Intel's new Capabilities Assessment Tools

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The purpose of the DH-CAT is to evaluate the performance of a digital media system. Although most any modern system is powerful enough to handle simple DVD playback, the recording and playing of HDTV footage is more demanding.

The perceptual science behind DH-CAT isn’t based on market research, per se; it is based on the opinions of many end-users (thousands in some case). Their tool uses a video quality assessment tool developed by Psytechnics, a leading firm in this area. Intel's User-Centered Design group in Oregon was also instrumental in providing video quality assessment tools in other usage scenarios (playback/streaming).

DH-CAT evaluates a system based on which tasks it can perform with adequate performance. Because the tool is designed to test a system's suitability for use as a Media Center / Home Theater PC, it is obvious what tasks it must be capable of: Playing, recording, and streaming various audio and video formats. The exact capabilities that it tests are shown below in a slide from Intel's presentation about the tool.

Different tasks are tested for capability in different ways.

Each of these tasks is tested in a different way. Some are straightforward; either the system can handle the task, or it can't. Others are based on video quality; the system must maintain a certain threshold of video quality to pass the test. Finally, some tasks are based on response time, meaning that the system must complete the task in a certain amount of time.

These core tasks are grouped into three standard levels of capability:

  • Basic (level 1)
  • HD (level 2)
  • Connected (level 3)

Most systems should be able to hand the Basic level, which requires playing, recording, and transcoding standard definition TV and DVD content. The next level is HD capability, which requires the same tasks to be done using HDTV footage. Level three adds the ability to stream media as a DLNA compliant stream — guaranteeing compatibility with other DLNA compliant devices.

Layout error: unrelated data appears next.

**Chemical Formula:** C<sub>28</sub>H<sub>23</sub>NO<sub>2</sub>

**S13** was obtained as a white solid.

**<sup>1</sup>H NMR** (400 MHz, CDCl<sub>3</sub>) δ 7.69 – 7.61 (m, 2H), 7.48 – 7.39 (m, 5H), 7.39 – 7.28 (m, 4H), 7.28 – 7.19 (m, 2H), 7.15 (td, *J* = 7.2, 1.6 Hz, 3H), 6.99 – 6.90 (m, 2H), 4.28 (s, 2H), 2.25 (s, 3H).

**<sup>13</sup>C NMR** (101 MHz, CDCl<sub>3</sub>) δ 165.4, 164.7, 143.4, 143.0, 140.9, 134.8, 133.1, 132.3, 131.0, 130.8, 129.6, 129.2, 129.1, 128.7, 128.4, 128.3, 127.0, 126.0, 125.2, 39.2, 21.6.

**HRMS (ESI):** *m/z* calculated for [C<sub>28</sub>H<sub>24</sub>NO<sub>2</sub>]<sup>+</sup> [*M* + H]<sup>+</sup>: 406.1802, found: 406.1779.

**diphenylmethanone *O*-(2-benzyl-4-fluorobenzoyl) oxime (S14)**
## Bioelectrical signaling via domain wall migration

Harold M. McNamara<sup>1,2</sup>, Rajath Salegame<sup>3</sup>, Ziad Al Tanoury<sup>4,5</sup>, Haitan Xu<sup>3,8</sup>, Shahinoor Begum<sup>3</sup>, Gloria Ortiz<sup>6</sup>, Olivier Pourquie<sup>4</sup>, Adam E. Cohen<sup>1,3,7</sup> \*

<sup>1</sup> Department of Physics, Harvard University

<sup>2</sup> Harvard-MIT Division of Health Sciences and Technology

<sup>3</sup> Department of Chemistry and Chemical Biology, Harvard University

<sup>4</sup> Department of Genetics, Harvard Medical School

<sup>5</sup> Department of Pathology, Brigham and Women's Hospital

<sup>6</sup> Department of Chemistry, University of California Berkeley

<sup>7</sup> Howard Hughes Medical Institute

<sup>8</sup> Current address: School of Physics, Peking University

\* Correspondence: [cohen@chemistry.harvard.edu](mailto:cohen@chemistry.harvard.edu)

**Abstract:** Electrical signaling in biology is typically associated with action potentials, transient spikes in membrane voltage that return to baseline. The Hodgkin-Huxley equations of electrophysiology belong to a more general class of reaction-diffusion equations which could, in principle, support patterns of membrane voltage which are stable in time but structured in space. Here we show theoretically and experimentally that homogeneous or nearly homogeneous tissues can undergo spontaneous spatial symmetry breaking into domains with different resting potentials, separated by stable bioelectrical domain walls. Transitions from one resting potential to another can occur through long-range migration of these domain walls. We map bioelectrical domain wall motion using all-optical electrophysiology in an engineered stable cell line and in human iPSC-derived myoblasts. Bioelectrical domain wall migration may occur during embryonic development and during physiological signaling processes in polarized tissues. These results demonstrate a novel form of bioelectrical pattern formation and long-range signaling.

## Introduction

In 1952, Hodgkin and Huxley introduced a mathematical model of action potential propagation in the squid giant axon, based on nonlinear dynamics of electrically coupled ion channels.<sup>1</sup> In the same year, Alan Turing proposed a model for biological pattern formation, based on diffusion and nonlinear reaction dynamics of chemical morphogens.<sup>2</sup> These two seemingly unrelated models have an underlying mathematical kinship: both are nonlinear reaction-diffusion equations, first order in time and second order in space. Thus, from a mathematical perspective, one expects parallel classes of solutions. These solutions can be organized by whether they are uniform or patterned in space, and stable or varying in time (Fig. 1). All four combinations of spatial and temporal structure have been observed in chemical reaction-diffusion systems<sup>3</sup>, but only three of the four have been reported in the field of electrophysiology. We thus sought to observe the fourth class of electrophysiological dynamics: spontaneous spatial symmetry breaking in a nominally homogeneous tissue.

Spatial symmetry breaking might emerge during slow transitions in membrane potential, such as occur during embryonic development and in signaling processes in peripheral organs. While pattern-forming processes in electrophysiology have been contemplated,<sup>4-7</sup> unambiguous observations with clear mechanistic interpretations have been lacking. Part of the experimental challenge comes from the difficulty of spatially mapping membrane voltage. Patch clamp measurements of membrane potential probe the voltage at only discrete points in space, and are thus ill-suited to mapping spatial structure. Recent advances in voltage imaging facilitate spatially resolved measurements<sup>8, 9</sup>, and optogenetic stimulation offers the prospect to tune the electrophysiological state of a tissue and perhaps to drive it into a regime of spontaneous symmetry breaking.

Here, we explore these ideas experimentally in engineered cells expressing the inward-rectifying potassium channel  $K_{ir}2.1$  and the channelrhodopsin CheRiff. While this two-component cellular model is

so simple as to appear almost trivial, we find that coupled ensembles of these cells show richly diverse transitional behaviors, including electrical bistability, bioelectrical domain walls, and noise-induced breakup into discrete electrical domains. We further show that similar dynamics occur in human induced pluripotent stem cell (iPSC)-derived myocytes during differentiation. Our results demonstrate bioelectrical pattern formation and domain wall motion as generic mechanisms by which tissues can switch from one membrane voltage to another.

Three basic levels of capability are tested.

The way that core tasks are divided into the three levels is complex. Each level of capability contains a number of mandatory and optional "scenarios", which themselves contain one or more core capabilities. The most difficult capability tests involve multitasking: Two, three, four or more core capabilities are tested simultaneously, and if any of them cannot be completed to a satisfactory level of quality, the system is considered incapable of performing that scenario. A system must be able to complete all mandatory scenarios to be considered capable of a given level.

In addition, optional "extra credit" scenarios not considered in the capability levels are used to differentiate between systems that are otherwise equally capable. These scenarios may be mandatory for a higher level, or simply an unusual (or especially system-intensive) pattern of core tasks. Extra credit scenarios contribute to the "Overall Capability Level Score". A more detailed table of how well the system performed each scenario can also be viewed, which makes it possible to tell at a glance exactly which capabilities the system is — and isn't — capable of.

The hierarchy of capabilities: Individual tasks ("usage primitives") are combined into scenarios,
which must all be completed for compliance with a particular level of capability.

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